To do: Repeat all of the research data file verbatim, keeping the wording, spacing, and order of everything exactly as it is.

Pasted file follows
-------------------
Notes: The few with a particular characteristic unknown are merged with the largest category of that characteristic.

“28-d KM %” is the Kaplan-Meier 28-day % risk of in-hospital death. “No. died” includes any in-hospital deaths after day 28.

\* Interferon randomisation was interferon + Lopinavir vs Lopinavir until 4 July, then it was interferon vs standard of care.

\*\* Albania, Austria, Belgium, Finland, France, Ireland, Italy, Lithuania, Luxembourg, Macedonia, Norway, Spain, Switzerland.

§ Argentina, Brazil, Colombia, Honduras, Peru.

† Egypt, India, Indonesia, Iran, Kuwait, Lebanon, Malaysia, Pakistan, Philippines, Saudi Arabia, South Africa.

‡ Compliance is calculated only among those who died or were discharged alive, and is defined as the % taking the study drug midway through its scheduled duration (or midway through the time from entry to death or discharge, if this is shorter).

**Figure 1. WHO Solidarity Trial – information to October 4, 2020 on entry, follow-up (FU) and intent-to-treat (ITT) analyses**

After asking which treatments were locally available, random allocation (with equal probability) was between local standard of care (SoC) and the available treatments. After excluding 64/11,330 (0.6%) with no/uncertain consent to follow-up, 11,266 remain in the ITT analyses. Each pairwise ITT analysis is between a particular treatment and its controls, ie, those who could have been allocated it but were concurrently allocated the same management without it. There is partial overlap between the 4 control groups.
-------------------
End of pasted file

Notes: The few with a particular characteristic unknown are merged with the largest category of that characteristic.

“28-d KM %” is the Kaplan-Meier 28-day % risk of in-hospital death. “No. died” includes any in-hospital deaths after day 28.

\* Interferon randomisation was interferon + Lopinavir vs Lopinavir until 4 July, then it was interferon vs standard of care.

\*\* Albania, Austria, Belgium, Finland, France, Ireland, Italy, Lithuania, Luxembourg, Macedonia, Norway, Spain, Switzerland.

§ Argentina, Brazil, Colombia, Honduras, Peru.

† Egypt, India, Indonesia, Iran, Kuwait, Lebanon, Malaysia, Pakistan, Philippines, Saudi Arabia, South Africa.

‡ Compliance is calculated only among those who died or were discharged alive, and is defined as the % taking the study drug midway through its scheduled duration (or midway through the time from entry to death or discharge, if this is shorter).

**Figure 1. WHO Solidarity Trial – information to October 4, 2020 on entry, follow-up (FU) and intent-to-treat (ITT) analyses**

After asking which treatments were locally available, random allocation (with equal probability) was between local standard of care (SoC) and the available treatments. After excluding 64/11,330 (0.6%) with no/uncertain consent to follow-up, 11,266 remain in the ITT analyses. Each pairwise ITT analysis is between a particular treatment and its controls, ie, those who could have been allocated it but were concurrently allocated the same management without it. There is partial overlap between the 4 control groups.